If you want your data to enter or leave the data center, you need bandwidth. Some colocation providers offer this as an in-house service but in other cases you need to purchase the bandwidth directly from a carrier. This cost is determined almost entirely by the carriers, though your colo provider may have a deal you can capitalize on. Carrier neutral colocation data centers give you the ability to shop around for the best deal if you do not have a specific carrier requirement (such as a term contract with an existing carrier). When evaluating colocation providers, understand their bandwidth options and how much control you have.
Blended IP services, a popular additional service offered by many colocation providers, blends two or more carriers together and manages the failover between the two, should one carrier experience planned or unplanned issues. However, Blended IP is a paid-service separate from the base colocation offering. This service is often priced higher than the bandwidth you would get when going directly to a carrier. This is due to the colocation provider having to purchase expensive infrastructure (routers, switches, etc.) and employ network architect and network engineers to maintain the service. Cross connects are typically bundled into the cost of Blended IP services, though this may vary.
Cross Connects are a necessary component to connect a customer’s environment to the colocation provider’s Meet-Me-Room (a dedicated cage space for carriers) and there is typically a monthly charge for each cross connect.
The cross connect medium you choose impacts cost. Fiber cross connects are the most common but also often the most expensive. Other options include copper cross connects and coax cross connects. As with most things, the cross connect solution can be customized, however the more complex the environment, the more expensive the deployment (Camry versus Escalade).
Depending on the colocation provider, cross connects can be a single upfront cost (if buying in bulk) or a recurring monthly fee that generally ranges from a few hundred to a few thousand dollars per month. However, this is entirely dependent on your colocation provider.
A 2019 survey by Flexera found that 94% of organizations use cloud. Being able to connect to the cloud solutions of your choice from directly within your colocation environment has myriad benefits. Cloud on-ramps make this possible, but it represents an additional cost that scales with your need and the number of locations/facilities you want access from. Depending on your colocation solution, these costs may appear on your monthly colo bill or can be billed through the independent cloud on-ramp providers.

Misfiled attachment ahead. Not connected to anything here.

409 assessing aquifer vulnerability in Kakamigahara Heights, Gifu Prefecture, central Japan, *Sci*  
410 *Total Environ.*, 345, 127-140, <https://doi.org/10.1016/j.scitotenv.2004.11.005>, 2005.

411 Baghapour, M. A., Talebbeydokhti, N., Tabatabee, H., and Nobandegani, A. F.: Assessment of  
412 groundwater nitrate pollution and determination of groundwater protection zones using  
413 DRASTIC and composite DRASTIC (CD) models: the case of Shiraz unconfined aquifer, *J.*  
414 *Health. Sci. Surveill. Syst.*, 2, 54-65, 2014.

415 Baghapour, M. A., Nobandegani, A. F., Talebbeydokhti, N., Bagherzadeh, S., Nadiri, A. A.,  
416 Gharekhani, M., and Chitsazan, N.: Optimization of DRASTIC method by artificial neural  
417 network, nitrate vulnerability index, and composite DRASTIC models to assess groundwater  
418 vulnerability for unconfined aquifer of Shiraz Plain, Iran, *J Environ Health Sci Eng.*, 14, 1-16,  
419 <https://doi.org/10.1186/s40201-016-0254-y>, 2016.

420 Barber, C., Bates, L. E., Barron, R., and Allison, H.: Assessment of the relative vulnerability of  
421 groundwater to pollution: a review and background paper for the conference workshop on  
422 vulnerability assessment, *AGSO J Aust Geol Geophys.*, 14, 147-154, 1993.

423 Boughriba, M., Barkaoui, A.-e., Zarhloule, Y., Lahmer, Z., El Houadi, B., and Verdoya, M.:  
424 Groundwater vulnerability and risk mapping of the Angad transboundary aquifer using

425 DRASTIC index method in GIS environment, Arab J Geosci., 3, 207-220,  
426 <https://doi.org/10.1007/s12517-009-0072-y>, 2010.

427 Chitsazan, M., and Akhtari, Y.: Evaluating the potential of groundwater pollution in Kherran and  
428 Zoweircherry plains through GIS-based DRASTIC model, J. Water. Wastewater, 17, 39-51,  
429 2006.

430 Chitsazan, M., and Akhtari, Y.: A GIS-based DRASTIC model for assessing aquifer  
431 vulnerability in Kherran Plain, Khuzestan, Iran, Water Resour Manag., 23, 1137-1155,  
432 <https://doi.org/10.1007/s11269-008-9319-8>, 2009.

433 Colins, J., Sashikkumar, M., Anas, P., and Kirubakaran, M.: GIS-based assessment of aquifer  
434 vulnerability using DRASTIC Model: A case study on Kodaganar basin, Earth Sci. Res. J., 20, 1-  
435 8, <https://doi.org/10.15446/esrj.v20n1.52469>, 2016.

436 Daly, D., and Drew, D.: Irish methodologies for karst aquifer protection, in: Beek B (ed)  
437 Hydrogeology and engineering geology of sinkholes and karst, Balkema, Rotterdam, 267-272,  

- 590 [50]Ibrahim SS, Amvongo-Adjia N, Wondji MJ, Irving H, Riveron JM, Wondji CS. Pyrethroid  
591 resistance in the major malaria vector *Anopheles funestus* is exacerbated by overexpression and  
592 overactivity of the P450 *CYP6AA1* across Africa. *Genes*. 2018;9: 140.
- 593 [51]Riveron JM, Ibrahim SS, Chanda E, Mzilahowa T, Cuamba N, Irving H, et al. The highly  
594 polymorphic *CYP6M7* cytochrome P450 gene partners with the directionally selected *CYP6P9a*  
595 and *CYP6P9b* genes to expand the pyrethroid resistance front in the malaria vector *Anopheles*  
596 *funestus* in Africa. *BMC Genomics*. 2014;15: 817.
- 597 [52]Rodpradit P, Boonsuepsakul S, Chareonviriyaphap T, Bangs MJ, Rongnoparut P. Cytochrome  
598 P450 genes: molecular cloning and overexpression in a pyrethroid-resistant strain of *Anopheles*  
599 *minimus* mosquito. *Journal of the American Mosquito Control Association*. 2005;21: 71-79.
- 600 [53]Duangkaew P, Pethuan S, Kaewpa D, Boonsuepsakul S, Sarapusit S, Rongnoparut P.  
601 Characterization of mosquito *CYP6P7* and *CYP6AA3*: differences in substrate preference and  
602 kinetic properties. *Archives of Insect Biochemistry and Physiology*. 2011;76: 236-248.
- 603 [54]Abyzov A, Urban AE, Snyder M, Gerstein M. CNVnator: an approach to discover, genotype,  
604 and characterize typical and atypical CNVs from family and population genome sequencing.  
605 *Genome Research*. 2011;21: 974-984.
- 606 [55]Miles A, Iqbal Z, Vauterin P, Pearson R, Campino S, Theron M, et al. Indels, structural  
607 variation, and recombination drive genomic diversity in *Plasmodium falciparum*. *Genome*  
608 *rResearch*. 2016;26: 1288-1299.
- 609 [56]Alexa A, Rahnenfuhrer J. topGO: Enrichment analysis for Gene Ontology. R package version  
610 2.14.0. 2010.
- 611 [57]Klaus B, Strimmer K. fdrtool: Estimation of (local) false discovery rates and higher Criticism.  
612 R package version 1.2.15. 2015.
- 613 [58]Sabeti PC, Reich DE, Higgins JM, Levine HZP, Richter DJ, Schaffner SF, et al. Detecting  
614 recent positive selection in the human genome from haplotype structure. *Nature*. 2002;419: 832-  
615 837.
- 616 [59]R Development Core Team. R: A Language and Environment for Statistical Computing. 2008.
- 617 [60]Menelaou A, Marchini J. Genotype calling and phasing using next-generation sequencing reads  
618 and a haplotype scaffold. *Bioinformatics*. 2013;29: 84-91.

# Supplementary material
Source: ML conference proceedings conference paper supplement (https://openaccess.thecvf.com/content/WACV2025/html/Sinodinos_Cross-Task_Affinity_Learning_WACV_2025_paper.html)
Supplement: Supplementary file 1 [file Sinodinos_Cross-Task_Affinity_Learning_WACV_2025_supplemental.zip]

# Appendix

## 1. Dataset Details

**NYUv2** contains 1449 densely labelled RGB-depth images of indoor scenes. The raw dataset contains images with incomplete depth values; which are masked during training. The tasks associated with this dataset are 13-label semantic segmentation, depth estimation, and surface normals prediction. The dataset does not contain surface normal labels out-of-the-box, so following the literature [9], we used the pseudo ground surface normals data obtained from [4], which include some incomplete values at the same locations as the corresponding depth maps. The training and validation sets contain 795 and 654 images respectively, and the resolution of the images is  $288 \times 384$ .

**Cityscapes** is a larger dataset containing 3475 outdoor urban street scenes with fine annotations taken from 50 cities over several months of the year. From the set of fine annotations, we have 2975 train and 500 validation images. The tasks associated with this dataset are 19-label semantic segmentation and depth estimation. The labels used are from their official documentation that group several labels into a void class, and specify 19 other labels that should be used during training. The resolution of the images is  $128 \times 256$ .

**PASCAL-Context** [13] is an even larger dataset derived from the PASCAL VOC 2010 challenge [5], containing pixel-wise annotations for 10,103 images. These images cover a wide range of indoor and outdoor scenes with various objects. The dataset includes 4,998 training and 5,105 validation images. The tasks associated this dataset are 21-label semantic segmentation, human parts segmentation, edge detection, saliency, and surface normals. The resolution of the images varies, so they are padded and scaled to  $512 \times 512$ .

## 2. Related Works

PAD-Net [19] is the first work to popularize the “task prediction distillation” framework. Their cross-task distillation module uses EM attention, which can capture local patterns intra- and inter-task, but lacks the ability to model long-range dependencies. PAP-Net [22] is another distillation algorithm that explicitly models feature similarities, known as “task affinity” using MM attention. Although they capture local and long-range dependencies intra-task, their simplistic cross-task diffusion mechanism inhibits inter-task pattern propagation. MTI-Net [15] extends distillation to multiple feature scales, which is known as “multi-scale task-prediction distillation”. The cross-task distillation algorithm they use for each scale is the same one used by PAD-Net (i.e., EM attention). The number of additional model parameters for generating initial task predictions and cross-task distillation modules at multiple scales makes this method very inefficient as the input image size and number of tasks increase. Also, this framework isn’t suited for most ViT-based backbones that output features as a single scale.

Using cloud on-ramps is likely to make your monthly bill vary as your solution usage varies.
One of the benefits of colocation is that you don’t need to be as hands-on with data center maintenance and management as you would be with a privately owned approach. Remote Hands further expands this benefit by having an on-site technician perform tasks such as:
- Handling on-site emergencies
- Moving and securing network cables
- Performing server refreshes and reboots
- Hardware replacements and software installations
- Inventory management and labeling
- Shipping and receiving at the data center
- Performing physical audits of your footprint
Remote Hands services are most often an add-on and can be purchased in blocks of time or charged on an as-needed basis. Some colocation providers also charge a premium for off-hour Remote Hands requests, so be sure you understand all of the potential fees if you anticipate wanting this type of service.
Installation & Management Fees
As you can see, colocation is much more than just hooking up some cabinets in someone else’s data center. Just about every element of your colo engagement will involve an installation (or set-up) fee and/or an on-going management fee. These are sometimes presented as a flat rate or may be itemized based on your specific setup. Pay close attention to what is a one-time fee and what is a recurring monthly cost as this will have a major impact on your initial and overall cost over the entire engagement.
Service Order Term
The length of your contract may also impact cost. While it likely isn’t a very large driver of overall cost, many colocation service providers have a minimum term length. This is important to consider because you will be locked into the engagement for the length of the term or will likely have to pay a penalty to break the contract early.
On a more positive note, you may also receive a mild discount for longer terms. If you’re committed to colocation, ask about this possibility as a way to reduce colocation costs.
What Else You’re Getting for the Cost of Colocation
There are additional elements of colocation that you won’t see on an order form, but are important to the overall ROI of your engagement. While this article aims to answer the question “what does colocation cost,” we feel it’s important to also discuss what you get for your money as the “cost” of something often also means “is it worth it?”